Cognitive-behavioral therapy (CBT) denotes a psychotherapy practice that addresses problems while seeking to enhance happiness through modification of dysfunctional behaviors, deliberations, and sentiments. I am convinced that it is the task of CBT therapists to assist patients in discovering, evaluating, and altering indistinct cognitions to establish more reasonable views of themselves and their symptoms. Although cognitive-behavioral therapy is commonly employed in the treatment of depression and anxiety, it may be valuable in tackling other physical and psychological problems (Cuijpers, Cristea, Karyotaki, Reijnders, & Huibers, 2016).
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Cognitive-behavioral therapy is anchored in the notion that a person’s sentiments, thoughts, sensations, and actions are interrelated and that negative views may entrap people in vicious cycles. CBT assists people to tackle devastating problems in a positive way by subdividing them into smaller bits while showing them the best means of changing negative behavior to guarantee their wellbeing.
I do not agree with an assertion that CBT enables patients to rectify their dysfunctional behavior and assists therapists in discovering information concerning clients in an effort to help them more effectively. For enhanced success, the patient and therapist have to collaborate, and efforts by one of them alone are insufficient (Cuijpers et al., 2016). The patient and therapist should jointly assess the problem and establish the most successful way of changing unhelpful deliberations and behaviors.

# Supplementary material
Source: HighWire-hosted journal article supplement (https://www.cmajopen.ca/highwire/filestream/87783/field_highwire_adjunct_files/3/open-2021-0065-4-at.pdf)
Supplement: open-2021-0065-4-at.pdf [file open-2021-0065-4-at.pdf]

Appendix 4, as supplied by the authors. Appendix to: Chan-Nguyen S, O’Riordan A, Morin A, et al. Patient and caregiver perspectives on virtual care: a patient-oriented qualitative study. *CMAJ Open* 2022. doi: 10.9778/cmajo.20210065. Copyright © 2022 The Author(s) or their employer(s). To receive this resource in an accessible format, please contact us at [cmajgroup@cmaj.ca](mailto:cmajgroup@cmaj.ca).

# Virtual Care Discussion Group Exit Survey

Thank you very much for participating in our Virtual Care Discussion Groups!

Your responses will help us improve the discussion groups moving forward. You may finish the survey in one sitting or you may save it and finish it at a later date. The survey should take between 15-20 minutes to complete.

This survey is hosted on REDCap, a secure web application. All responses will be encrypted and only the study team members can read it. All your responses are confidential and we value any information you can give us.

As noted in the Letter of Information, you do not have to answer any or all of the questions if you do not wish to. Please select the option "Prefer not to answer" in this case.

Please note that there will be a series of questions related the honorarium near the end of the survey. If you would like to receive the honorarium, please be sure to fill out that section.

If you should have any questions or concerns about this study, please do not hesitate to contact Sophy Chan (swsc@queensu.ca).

After realizing what patients ought to change, therapists should request them to practice the changes in their daily lives and discuss the progress when patients come for the next session. This offers an extensive understanding of clients with respect to their interaction with others, the way symptoms occur, and how to address daily problems.
Cuijpers, P., Cristea, I. A., Karyotaki, E., Reijnders, M., & Huibers, M. J. (2016). How effective are cognitive behavior therapies for major depression and anxiety disorders? A meta‐analytic update of the evidence. World Psychiatry, 15(3), 245-258.